As I keep maintaining for long, we Tamils were defeated not just militarily and politically. Our homeland, our unique ethnicity, our socio-cultural heritage based on our language, our collective psyche, our economy and our livelihood were all destroyed and destructed.

This is not something ordinary. One of my research analyses says that our generation that has survived this massive onslaught will have to experience the impact of this destruction for a minimum of three more generations. This is the exact reason why we quipped that beyond politics, we may have to pay a heavy price for our mere survival wherever we live in this world.

The destruction of socio-cultural heritage, collective psyche, economy and livelihood of a race evolving from its homeland, its ethnicity and its linguistic affiliations, constitutes the destruction of its polity. So rather than fighting among ourselves as to what our next political move would be, prudence has it that we concentrate rather on resurrecting our socio-cultural heritage, collective psyche, economy and livelihood for restoring our political identity.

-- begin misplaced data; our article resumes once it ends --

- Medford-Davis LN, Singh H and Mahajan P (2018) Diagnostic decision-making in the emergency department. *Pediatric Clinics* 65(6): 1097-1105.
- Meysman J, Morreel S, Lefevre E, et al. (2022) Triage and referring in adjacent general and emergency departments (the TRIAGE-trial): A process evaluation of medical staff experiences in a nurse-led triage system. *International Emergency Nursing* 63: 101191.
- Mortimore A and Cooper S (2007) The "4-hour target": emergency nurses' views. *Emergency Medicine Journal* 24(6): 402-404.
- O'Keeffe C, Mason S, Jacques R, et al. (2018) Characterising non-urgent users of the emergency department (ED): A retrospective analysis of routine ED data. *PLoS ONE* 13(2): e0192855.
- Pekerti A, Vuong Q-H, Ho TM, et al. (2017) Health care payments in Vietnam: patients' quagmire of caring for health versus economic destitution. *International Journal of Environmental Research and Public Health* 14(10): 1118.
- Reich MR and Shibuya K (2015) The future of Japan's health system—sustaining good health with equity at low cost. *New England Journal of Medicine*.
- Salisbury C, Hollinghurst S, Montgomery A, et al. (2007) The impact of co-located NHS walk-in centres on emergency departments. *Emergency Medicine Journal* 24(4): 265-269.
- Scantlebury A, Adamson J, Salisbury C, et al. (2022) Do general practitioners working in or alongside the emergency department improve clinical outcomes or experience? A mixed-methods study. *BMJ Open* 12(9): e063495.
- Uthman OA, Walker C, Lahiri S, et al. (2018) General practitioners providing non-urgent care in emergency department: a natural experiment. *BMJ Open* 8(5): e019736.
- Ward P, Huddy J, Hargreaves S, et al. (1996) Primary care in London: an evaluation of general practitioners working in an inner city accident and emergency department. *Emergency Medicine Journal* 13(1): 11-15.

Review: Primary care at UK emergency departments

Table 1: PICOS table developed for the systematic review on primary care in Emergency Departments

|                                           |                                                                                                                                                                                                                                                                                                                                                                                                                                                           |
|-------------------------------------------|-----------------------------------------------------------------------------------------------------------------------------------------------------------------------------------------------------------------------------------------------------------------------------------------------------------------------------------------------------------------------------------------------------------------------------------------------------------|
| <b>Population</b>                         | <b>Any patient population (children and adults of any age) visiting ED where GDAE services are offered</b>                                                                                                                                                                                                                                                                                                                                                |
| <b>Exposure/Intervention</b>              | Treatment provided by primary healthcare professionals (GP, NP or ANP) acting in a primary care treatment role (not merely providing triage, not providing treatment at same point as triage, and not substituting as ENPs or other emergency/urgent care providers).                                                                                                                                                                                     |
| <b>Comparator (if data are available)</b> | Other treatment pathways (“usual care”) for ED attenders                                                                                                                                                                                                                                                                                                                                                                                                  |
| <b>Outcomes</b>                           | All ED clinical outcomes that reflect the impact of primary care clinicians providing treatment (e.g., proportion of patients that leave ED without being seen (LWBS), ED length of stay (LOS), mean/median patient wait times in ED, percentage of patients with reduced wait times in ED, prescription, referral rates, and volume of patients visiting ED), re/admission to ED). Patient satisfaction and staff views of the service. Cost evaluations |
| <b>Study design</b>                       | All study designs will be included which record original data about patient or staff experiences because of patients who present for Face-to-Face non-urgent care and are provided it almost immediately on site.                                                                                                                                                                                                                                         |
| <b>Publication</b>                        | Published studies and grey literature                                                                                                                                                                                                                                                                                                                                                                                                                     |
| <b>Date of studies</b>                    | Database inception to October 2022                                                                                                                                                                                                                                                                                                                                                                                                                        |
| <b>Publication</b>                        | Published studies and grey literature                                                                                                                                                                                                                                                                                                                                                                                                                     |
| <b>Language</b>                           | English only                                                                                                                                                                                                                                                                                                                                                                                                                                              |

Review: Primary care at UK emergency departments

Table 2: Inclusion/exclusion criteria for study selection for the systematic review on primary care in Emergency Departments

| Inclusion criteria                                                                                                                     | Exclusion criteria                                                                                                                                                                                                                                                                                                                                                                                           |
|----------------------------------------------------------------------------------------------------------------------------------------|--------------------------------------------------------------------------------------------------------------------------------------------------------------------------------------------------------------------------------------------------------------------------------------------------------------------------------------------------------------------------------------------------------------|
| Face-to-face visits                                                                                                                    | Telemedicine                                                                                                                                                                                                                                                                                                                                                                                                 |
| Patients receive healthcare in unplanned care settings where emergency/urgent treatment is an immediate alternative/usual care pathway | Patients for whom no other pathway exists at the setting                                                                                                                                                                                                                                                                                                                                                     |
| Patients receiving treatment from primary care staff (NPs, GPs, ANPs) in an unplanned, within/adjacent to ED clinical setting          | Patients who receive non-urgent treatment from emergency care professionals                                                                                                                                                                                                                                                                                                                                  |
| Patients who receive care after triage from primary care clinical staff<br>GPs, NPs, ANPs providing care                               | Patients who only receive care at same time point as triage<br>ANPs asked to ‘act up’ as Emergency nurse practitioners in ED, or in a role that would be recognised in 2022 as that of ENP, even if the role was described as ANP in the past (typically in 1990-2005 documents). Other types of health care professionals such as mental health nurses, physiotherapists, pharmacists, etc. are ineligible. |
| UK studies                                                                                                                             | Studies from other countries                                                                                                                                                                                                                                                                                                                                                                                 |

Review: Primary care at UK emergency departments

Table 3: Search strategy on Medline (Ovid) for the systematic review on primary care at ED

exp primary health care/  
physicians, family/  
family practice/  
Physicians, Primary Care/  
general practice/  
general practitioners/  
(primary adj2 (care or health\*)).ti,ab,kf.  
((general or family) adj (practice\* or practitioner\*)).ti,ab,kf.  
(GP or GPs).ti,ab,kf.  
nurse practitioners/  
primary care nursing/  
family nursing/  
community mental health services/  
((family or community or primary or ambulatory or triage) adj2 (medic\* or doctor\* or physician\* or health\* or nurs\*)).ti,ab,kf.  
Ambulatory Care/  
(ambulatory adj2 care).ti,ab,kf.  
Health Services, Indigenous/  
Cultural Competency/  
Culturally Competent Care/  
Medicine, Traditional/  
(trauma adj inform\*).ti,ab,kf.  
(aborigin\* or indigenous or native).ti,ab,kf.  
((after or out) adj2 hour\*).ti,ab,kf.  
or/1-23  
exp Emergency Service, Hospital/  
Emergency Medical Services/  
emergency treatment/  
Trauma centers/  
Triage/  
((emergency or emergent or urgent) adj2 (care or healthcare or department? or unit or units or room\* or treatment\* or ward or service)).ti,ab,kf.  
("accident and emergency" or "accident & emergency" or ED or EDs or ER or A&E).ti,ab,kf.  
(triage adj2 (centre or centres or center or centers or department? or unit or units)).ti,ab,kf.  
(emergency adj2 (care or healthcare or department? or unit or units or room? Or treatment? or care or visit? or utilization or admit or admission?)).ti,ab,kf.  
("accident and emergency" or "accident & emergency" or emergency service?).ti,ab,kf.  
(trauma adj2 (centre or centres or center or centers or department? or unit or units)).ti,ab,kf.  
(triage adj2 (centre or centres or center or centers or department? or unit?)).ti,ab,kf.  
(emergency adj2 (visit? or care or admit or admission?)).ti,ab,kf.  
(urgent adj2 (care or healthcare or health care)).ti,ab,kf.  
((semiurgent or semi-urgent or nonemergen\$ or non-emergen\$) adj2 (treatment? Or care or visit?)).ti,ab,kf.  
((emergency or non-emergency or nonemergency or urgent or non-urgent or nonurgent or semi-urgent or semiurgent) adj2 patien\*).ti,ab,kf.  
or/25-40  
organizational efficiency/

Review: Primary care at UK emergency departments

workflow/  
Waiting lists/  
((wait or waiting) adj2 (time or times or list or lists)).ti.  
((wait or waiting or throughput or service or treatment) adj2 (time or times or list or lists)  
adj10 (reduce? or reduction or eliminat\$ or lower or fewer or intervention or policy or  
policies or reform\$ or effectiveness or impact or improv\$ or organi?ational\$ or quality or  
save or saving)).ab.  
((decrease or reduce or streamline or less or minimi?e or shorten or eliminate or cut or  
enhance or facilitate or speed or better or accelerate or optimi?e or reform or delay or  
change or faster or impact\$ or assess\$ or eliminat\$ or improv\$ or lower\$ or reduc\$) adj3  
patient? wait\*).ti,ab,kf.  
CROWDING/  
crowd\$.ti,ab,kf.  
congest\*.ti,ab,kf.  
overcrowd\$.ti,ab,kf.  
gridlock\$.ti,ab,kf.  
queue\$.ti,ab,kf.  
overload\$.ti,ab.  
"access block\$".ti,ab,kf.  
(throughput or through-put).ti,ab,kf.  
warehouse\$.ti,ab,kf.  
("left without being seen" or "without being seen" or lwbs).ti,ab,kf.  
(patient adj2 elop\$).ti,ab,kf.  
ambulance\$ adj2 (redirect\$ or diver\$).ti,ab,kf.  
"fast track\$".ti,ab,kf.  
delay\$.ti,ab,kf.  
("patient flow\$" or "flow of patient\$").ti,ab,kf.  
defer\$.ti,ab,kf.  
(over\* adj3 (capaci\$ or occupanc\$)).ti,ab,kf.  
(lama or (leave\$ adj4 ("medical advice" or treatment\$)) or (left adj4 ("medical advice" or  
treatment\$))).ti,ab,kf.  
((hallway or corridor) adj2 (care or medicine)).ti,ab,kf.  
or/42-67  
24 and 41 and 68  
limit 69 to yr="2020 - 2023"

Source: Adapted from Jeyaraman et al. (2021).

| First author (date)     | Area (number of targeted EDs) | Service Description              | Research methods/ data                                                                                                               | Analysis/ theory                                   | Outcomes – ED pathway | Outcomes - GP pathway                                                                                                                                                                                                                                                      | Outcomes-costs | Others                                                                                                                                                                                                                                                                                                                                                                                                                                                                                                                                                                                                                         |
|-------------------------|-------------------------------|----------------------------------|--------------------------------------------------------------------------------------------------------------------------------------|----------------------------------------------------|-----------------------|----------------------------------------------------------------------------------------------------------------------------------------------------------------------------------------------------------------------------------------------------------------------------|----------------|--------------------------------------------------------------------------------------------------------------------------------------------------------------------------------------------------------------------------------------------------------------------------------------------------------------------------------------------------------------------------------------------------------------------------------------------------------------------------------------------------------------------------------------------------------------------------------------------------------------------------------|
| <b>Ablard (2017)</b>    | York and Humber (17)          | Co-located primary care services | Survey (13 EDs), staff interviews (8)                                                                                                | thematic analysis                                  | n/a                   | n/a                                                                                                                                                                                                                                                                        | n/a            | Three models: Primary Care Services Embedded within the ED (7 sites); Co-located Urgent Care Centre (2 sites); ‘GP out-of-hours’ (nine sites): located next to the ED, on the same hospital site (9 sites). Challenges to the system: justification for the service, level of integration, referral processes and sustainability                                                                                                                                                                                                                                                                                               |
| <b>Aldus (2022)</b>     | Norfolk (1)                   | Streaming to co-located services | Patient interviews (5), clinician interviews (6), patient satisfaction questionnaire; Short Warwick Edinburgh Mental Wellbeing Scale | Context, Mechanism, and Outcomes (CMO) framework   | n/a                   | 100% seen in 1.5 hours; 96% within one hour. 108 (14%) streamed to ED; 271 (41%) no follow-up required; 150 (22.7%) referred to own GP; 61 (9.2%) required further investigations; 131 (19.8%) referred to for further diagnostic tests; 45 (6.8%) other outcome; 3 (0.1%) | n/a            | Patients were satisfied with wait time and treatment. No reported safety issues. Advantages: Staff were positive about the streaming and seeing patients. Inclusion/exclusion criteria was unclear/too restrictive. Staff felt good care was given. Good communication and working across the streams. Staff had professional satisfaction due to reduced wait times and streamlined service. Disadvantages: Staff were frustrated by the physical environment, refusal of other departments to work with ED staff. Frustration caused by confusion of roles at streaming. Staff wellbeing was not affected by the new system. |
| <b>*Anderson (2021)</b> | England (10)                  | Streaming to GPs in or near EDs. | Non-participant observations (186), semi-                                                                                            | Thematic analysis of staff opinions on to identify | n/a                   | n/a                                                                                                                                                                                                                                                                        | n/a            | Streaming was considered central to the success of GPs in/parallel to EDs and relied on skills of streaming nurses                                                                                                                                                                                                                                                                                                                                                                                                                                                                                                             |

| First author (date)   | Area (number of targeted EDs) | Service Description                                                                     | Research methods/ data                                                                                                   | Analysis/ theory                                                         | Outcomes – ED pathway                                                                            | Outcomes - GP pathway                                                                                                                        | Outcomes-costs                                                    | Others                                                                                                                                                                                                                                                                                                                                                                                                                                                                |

It is at this juncture, in the post Mullivaikkaal era, that the basic livelihood aspect and the economy of the Tamils gain an ideological shape.

Politics, Economics and Culture are deeply tied together. A research of mine that takes into account these deep ties has found a disastrous consequence that awaits the Eezham Tamils post Mullivaikkaal massacre. I tagged the economy and cultural aspects with the current world order to arrive at such a conclusion. They truly remind me that bad days are ahead, a catastrophe awaiting us.

Economics is not a solitary philosophy. It is a concept that is multifaceted and diverse. Finance is one such facet inside economics. This single facet truly depicts the challenges that Tamils face in the aftermath of Mullivaaikkaal massacre. A tacit understanding of these implications can point to the importance of the burning of Kilinochchi market.